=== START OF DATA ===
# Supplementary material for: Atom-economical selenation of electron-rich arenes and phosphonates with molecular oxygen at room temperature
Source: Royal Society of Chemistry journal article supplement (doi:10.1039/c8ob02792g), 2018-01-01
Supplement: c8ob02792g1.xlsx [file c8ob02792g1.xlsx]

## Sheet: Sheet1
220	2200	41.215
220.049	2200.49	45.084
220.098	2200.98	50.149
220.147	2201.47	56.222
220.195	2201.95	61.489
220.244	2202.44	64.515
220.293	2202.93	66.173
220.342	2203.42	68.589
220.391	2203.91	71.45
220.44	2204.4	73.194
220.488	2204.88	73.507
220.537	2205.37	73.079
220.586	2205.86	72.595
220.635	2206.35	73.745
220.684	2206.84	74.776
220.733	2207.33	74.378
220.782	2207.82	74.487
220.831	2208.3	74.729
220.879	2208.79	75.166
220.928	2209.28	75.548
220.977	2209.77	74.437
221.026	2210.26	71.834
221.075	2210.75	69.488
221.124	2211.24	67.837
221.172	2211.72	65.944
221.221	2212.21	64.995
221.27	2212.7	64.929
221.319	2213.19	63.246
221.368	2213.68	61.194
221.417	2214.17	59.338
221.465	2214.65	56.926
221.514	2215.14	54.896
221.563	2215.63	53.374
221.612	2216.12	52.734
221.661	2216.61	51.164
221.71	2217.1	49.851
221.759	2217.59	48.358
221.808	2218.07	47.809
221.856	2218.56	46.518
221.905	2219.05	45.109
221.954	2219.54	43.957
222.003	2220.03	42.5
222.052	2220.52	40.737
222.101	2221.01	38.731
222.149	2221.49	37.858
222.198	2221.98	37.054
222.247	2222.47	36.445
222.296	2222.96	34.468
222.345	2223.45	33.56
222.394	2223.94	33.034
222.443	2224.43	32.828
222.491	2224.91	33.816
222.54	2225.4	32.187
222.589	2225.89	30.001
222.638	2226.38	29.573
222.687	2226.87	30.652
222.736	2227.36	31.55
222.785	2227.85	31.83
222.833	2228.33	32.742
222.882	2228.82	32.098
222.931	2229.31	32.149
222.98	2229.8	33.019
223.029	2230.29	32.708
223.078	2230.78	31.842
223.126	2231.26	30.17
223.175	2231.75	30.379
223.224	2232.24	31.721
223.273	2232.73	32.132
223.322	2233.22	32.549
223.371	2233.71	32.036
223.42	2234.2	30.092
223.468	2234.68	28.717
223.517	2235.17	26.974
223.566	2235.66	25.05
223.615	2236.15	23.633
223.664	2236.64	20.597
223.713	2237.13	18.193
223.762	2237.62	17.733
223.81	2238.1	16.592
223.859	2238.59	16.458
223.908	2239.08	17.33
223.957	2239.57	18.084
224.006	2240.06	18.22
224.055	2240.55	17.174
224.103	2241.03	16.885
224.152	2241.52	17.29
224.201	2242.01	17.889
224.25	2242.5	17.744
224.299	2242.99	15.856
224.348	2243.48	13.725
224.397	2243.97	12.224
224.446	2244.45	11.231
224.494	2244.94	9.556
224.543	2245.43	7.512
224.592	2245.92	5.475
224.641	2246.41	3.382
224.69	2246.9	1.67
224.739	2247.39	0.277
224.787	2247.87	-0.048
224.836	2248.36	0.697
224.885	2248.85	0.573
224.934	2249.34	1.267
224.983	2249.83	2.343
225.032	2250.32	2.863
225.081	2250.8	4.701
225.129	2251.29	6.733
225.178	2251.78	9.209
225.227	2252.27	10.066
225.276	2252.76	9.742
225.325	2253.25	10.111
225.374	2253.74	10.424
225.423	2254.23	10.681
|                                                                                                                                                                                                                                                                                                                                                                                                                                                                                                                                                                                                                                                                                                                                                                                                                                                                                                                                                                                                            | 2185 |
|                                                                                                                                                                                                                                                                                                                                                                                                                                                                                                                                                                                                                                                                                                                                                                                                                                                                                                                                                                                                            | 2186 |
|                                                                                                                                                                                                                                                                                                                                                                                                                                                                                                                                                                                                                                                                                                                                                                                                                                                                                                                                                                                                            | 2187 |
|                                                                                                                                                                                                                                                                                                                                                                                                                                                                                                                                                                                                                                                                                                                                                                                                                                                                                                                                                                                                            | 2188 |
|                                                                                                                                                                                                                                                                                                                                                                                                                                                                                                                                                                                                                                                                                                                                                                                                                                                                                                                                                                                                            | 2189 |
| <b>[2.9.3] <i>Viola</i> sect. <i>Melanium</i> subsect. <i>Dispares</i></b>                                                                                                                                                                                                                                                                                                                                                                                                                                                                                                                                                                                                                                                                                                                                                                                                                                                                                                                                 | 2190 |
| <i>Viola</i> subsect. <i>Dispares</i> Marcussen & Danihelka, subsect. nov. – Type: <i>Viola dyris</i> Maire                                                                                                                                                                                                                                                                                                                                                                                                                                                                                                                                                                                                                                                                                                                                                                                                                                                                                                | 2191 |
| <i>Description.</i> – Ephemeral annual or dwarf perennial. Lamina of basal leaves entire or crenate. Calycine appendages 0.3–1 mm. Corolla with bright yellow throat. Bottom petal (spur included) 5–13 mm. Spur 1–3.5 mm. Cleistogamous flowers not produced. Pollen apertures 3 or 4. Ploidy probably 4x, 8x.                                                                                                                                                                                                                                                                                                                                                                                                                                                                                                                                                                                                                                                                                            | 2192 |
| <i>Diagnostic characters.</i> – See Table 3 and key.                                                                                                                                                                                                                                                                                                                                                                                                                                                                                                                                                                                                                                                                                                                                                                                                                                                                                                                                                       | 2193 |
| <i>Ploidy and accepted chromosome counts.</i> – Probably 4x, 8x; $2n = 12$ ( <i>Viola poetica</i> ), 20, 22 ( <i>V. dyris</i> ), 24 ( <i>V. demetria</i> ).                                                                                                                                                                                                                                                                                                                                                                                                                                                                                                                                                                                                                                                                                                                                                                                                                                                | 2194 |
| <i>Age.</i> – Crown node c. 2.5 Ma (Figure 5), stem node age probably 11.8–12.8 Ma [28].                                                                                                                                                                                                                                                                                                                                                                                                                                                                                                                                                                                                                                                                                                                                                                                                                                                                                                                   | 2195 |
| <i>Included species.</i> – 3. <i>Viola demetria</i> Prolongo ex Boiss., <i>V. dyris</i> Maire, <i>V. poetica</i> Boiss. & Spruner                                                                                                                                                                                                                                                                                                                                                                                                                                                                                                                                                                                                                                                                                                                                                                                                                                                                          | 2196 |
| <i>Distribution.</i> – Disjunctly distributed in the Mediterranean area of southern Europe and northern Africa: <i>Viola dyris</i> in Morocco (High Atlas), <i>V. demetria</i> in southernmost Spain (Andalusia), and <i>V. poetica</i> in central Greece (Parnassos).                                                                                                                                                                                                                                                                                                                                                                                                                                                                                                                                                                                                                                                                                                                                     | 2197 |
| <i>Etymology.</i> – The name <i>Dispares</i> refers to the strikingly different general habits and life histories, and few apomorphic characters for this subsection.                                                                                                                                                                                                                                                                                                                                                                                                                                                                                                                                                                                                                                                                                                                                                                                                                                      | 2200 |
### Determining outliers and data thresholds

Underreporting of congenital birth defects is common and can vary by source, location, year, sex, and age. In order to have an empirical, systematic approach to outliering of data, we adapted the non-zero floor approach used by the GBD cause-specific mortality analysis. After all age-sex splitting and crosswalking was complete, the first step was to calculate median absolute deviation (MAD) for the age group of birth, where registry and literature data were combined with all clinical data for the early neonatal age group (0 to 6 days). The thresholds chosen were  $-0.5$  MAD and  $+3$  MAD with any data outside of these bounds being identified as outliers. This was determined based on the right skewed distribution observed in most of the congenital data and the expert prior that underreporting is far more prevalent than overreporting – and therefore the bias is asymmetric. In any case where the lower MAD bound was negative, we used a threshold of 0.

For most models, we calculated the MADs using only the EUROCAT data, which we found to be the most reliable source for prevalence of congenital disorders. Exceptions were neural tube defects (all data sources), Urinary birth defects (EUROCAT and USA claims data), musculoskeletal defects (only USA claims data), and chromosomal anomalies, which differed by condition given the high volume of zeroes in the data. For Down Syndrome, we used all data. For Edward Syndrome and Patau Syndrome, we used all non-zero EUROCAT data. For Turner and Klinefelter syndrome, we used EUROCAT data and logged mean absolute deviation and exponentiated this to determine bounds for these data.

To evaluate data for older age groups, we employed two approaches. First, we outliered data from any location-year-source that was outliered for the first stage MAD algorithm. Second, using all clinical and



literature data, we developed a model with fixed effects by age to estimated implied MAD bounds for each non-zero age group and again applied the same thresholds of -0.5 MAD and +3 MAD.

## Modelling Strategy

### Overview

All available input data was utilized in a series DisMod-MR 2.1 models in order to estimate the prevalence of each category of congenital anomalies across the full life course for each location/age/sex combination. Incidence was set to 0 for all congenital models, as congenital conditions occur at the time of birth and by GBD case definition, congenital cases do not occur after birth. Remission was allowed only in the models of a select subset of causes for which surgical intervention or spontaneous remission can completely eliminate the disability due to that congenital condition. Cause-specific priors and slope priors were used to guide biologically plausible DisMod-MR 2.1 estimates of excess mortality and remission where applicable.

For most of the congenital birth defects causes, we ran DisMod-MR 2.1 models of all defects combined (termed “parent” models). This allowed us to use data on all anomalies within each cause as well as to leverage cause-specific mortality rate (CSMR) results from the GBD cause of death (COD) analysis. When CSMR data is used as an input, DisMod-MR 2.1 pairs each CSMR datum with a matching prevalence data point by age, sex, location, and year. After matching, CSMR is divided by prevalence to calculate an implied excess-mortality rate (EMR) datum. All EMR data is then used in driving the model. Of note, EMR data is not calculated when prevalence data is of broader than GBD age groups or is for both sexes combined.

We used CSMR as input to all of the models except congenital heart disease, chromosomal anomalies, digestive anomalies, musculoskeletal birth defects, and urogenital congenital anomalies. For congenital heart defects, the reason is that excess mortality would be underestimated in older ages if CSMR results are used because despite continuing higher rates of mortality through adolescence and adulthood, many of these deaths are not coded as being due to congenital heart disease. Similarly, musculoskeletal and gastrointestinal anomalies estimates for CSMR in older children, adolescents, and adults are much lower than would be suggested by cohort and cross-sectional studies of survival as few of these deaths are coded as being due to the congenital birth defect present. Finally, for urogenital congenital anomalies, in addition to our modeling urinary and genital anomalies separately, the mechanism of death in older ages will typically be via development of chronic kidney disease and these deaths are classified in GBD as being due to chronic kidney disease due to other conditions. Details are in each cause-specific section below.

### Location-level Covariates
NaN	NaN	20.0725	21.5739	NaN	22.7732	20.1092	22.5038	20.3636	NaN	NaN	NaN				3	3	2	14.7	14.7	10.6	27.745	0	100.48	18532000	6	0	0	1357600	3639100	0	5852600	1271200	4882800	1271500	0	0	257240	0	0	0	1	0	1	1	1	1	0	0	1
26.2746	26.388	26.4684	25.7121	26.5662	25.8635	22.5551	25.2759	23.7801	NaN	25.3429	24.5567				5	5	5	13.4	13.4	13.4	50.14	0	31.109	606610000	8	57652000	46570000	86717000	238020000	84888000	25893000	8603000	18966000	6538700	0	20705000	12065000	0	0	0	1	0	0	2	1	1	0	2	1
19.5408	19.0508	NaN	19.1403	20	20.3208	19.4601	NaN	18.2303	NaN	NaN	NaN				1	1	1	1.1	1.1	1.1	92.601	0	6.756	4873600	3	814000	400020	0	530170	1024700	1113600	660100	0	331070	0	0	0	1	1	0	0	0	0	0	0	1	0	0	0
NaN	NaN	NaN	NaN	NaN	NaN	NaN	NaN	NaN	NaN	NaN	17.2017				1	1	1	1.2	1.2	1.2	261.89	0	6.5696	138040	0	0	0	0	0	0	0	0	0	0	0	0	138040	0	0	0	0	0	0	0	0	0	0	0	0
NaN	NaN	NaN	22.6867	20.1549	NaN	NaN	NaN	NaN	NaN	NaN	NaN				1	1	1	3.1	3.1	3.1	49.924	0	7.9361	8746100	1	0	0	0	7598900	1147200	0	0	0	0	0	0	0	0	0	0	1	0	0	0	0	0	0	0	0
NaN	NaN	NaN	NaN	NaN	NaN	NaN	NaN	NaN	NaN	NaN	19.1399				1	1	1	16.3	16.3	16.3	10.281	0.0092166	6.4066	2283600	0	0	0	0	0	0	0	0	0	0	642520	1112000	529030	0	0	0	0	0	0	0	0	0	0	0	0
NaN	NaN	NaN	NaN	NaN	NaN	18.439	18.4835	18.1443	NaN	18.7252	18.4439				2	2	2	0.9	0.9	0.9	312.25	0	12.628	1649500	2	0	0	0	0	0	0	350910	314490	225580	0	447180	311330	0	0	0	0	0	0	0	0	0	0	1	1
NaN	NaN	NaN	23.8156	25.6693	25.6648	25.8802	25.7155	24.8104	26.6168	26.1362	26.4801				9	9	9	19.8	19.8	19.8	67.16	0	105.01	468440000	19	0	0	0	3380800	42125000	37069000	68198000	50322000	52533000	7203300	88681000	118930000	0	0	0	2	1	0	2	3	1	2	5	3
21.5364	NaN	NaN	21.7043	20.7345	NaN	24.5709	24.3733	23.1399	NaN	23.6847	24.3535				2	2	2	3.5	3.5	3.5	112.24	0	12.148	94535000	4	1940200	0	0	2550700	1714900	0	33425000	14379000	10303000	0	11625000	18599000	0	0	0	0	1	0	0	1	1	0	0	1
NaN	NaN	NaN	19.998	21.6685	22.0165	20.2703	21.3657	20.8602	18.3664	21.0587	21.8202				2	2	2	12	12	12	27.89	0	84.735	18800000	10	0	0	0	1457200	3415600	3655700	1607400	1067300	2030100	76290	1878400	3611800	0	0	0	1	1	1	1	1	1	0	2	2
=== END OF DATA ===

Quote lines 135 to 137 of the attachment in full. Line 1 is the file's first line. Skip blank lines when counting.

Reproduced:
literature data, we developed a model with fixed effects by age to estimated implied MAD bounds for each non-zero age group and again applied the same thresholds of -0.5 MAD and +3 MAD.

## Modelling Strategy

### Overview